Chimpanzee Behavior Isn’t Just Monkey Business. It’s Culture.

Grooming, Using Tools, and Fishing for Termites Show the Humanity of Our Primate Cousins

In 1961, famed primatologist Jane Goodall discovered that wild chimpanzees were fashioning tools from sticks and using them to fish termites out of their nests—revolutionizing our understanding of culture and animal intelligence. Her mentor Louis Leakey telegrammed her that “now, we must redefine ‘tool,’ redefine ‘man,’ or accept chimpanzees as humans.”

Nearly 60 years later, this redefinition—of chimps, culture, and ourselves—continues. There are now seven chimpanzee field studies that span more than 25 years, as well as many shorter ones. These long-term studies have produced exciting new information on …

More In: evolution

How the Evolution of the Human Brain Led Us to God

Advances in Neuroscience Link Our Cognitive Development to Our Idea of the Divine

The human brain is the most intriguing object in the universe, populated with 100 billion neurons connected by nerve fibers, which, if laid end to end, could circle the earth …

Empathy’s Evolution in the Human Imagination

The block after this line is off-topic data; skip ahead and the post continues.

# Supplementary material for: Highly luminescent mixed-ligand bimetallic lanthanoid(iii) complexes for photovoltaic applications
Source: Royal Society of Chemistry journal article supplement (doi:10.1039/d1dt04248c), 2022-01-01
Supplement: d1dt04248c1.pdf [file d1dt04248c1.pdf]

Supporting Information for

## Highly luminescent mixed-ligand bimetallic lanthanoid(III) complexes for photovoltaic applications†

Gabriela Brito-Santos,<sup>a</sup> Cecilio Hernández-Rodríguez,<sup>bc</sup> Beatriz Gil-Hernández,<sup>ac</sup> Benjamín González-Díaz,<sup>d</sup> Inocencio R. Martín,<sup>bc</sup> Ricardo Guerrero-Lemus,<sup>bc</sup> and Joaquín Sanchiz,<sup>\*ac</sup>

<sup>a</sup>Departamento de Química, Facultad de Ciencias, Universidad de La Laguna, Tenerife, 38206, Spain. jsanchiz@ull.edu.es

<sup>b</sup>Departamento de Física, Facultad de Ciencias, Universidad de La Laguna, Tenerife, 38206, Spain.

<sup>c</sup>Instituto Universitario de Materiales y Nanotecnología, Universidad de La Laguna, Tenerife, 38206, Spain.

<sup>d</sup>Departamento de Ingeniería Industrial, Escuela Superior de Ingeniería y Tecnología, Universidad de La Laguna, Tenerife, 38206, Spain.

What Began as an Aesthetic Response to Art Is Now a Highly Complex Neurochemical Reaction

Empathy seems to be one of the most “natural” emotions, but before 1908, no one in the English-speaking world had heard of it.

And when it did appear, “empathy” was …

Why Scurvy Is Still a Snake in Our Nutritional Lost Paradise

To Absolve Mankind’s Genetic Original Sin, Drink Your Orange Juice

At some time in the evolution of the human organism, the gene that had allowed the body to synthesize vitamin C mutated, and the liver enzyme responsible for the synthesis …

What Self-Cloning Salamanders Say About Climate Change

An Evolutionary Outlier Could Inherit the Earth (or at Least Rural Maine)

Birds do it, bees do it, and so the song goes, even educated fleas do it. But unisexual salamanders don’t.

These all-female amphibians clone themselves to make eggs—all girls—and they’ve …

When Frogs Sing Their Evening Song, Listen for Nature’s Greatest Lesson

Spring Peepers Hijack My Brain With an Arrhythmic Chorus About Chance and Survival

For some people, spring begins with the sound of birds. For me, it’s frogs.

All winter, frogs crouch hidden in the leaves, their outsides frozen so hard they’d make a …